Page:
Imagine how hard it would be for an 8-year-old, though. The 8-year-old probably doesn't have their own iPhone, but if they did (or their own iPod touch, etc.), no doubt their parents don't want to be constantly checking different websites or podcatchers to try to find a podcast for their kid. And the kid, who wants some degree of autonomy, particularly as they reach double-digits, age-wise, may not get that autonomy. It's the walled garden problem of video -- I've seen plenty of startups attempt to create a safe kids-only video area, but I'm not sure that any of them have been fully successful, or at the very least, none that don't have some tie to a broader entity (a "Nick" app or Netflix's and Amazon Instant Video's kids' sections, for example).
Beyond these other problems, I'm not sure that there's enough variety in kids podcasting. As I read these kids-podcasting articles, I kept thinking about Ear Snacks, a delightfully loopy series of shows from kids musicians Andrew & Polly. Sure, there are the occasional science-based conversations, but it is the closest thing I know of to a half-absurdist podcast for kids. And it's totally unique.
Where are the kids comedy podcasts? Why in the world don't The Listies have a podcast? Why in the world isn't (wasn't) there a Chicken Weebus podcast? Where are the actual kid-friendly radio hours like the Radio Adventures of Doctor Floyd? (There are good, specific reasons for those, to be sure, but those are examples.)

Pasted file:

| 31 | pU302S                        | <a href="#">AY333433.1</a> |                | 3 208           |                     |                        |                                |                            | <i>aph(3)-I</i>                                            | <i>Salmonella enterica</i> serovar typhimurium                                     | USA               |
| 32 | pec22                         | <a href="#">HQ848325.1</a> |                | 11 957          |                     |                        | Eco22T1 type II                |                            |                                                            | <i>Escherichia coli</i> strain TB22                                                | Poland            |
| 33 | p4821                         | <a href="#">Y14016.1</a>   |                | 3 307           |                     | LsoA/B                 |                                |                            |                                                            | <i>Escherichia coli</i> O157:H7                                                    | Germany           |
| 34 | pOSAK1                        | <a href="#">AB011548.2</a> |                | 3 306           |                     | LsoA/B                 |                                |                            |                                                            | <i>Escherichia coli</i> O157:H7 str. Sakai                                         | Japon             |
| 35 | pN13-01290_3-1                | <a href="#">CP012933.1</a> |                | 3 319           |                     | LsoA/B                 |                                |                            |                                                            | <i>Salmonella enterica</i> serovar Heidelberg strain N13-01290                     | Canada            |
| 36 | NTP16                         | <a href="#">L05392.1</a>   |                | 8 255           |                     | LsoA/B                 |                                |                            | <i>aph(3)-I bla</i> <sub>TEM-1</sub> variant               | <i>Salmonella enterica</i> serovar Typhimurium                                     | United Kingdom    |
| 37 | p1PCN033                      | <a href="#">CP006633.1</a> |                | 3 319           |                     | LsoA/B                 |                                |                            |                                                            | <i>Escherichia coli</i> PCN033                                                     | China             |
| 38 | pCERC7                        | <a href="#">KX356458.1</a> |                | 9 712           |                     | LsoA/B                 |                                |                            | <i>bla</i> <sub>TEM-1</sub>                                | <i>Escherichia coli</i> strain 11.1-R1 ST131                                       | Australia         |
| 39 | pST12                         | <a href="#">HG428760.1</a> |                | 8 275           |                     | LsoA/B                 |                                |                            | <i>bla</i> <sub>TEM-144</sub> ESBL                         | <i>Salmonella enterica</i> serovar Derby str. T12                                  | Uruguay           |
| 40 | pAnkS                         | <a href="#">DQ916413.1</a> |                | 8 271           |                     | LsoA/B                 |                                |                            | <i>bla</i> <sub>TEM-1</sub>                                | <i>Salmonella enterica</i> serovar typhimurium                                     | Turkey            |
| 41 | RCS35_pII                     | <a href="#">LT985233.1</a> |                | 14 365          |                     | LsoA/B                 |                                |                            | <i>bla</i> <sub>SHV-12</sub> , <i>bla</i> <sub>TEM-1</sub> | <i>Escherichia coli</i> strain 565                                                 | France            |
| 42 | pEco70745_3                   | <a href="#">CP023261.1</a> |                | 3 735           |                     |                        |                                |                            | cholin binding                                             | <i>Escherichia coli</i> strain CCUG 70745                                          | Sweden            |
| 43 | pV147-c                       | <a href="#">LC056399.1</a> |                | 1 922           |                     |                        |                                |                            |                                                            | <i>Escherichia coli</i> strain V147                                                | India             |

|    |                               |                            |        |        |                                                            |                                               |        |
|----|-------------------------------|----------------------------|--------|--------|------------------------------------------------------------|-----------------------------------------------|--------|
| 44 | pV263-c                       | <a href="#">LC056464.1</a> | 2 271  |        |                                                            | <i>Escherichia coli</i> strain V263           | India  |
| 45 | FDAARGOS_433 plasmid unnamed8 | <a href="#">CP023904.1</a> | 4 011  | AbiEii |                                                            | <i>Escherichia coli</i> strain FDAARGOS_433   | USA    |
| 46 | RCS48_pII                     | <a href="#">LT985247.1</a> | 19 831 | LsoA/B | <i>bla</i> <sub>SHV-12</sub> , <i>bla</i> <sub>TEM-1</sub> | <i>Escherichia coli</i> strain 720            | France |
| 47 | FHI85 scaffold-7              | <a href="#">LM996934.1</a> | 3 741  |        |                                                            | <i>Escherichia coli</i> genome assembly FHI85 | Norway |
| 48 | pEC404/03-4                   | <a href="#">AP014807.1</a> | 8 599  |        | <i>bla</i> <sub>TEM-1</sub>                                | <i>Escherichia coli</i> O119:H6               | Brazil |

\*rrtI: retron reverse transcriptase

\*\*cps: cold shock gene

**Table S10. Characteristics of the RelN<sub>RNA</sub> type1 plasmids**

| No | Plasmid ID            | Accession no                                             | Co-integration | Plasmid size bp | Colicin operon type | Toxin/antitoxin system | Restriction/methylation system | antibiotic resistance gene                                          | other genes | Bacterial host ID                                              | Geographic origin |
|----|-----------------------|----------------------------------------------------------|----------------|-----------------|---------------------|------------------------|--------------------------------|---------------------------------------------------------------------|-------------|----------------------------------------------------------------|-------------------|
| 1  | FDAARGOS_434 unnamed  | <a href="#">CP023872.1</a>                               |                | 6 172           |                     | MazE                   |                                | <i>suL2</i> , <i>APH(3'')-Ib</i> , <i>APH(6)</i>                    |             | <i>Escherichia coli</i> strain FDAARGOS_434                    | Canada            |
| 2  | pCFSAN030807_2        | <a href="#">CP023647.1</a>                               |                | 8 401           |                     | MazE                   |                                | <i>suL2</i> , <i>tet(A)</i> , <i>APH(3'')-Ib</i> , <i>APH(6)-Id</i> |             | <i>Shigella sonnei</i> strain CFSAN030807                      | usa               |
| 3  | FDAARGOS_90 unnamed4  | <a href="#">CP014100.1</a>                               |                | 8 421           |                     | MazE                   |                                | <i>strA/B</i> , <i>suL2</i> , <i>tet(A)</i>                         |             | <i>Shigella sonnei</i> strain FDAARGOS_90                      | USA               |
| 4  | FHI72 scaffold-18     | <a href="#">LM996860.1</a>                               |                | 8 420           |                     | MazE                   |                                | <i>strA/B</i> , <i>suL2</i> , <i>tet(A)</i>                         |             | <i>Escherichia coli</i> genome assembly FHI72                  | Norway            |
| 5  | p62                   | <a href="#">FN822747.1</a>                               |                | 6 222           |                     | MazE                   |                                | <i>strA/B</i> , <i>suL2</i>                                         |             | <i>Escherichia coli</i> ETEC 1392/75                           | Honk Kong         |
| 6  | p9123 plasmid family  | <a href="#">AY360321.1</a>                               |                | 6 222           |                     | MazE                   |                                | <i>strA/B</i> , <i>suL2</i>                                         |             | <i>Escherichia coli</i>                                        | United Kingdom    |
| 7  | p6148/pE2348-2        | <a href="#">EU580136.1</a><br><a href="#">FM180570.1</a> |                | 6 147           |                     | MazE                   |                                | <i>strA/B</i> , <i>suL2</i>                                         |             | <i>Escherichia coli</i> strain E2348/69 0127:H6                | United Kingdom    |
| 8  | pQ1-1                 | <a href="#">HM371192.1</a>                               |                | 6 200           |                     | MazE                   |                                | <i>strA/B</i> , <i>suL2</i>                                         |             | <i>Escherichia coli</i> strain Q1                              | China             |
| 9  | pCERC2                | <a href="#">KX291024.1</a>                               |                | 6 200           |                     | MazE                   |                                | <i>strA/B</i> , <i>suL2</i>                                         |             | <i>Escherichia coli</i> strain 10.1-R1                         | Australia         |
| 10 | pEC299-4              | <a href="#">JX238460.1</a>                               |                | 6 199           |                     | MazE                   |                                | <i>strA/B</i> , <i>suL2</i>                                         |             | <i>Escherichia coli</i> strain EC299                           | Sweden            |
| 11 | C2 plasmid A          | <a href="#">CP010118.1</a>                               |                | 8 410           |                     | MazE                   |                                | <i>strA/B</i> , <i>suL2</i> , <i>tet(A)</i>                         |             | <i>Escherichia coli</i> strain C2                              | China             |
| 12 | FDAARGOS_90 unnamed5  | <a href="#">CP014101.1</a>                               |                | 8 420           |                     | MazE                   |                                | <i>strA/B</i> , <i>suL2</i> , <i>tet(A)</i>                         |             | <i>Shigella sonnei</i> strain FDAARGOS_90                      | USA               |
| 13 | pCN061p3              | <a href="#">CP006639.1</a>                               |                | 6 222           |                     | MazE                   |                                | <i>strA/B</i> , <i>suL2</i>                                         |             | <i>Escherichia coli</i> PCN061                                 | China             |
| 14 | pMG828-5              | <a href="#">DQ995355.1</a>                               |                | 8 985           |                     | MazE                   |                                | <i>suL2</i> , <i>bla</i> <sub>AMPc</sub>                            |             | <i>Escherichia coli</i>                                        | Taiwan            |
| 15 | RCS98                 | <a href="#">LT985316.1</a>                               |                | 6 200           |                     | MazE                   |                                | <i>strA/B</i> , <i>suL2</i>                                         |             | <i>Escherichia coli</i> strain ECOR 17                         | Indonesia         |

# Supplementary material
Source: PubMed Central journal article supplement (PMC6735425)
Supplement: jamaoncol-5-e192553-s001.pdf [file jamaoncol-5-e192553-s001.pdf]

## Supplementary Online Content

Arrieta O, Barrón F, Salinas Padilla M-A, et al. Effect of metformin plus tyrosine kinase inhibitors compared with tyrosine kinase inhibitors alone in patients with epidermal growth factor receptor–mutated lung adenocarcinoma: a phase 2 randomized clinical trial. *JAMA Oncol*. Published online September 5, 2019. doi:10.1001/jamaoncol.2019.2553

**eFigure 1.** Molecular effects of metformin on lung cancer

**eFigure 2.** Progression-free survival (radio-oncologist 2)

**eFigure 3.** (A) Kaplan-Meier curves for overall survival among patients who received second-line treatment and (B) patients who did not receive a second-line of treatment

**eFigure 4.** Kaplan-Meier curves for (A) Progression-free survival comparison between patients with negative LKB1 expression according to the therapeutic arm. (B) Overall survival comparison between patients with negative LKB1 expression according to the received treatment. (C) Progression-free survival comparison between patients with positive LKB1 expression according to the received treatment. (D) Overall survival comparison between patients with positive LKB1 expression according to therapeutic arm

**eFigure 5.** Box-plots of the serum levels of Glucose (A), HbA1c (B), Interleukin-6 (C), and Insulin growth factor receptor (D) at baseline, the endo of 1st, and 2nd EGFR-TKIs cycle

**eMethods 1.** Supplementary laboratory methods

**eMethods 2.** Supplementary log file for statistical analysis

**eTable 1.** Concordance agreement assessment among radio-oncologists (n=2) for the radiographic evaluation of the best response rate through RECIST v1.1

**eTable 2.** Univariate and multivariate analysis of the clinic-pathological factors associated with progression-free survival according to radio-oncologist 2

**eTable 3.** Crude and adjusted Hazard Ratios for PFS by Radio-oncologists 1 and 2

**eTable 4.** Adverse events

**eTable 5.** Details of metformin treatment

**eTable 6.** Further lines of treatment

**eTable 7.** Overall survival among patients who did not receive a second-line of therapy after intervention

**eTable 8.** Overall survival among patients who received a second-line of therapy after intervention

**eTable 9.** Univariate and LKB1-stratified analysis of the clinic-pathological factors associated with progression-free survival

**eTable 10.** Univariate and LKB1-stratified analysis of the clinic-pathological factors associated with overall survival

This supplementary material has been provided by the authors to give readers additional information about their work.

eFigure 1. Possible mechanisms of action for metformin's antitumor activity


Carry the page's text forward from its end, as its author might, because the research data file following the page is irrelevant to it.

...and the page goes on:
Having said all that, I've written a lot here, and I should really press "Publish" on this piece and get into the world. Two additional thoughts:
1) Once kids music became a "thing" again, there were a lot of folks who got into the genre who made music that was, well, not very good. Assuming that kids podcasts take the same route, we may see a bunch of crappy podcasts for kids over the next few years (along with a bunch of really good podcasts). That's why discovery tools are going to be so important -- nobody wants to hear their first podcast for kids and have it be a boring guy droning into a microphone or conversing with middling audio quality over Skype. (I have experience producing some of those myself.) One of the difficult things musicians have to learn is that not everybody is good singing songs for kids, and I have no doubt that some podcasters will learn for themselves that they're not very good making stories for kids.
2) These days, recorded music is mostly the calling card to get fans interested in seeing live music or supporting the musician in some other way. Musicians are, generally, not pleased with this development, but I don't think Spotify or Pandora or Rhapsody et al. are going away. Podcasts are even more isolated. So if I have one piece of advice for kids podcast makers is that you have to get out in the world and do live shows. Other podcasts for adults have done this - Radiolab, Pop Culture Happy Hour, Song Exploder, the list is long - but it's time that kids podcasts enter the fray.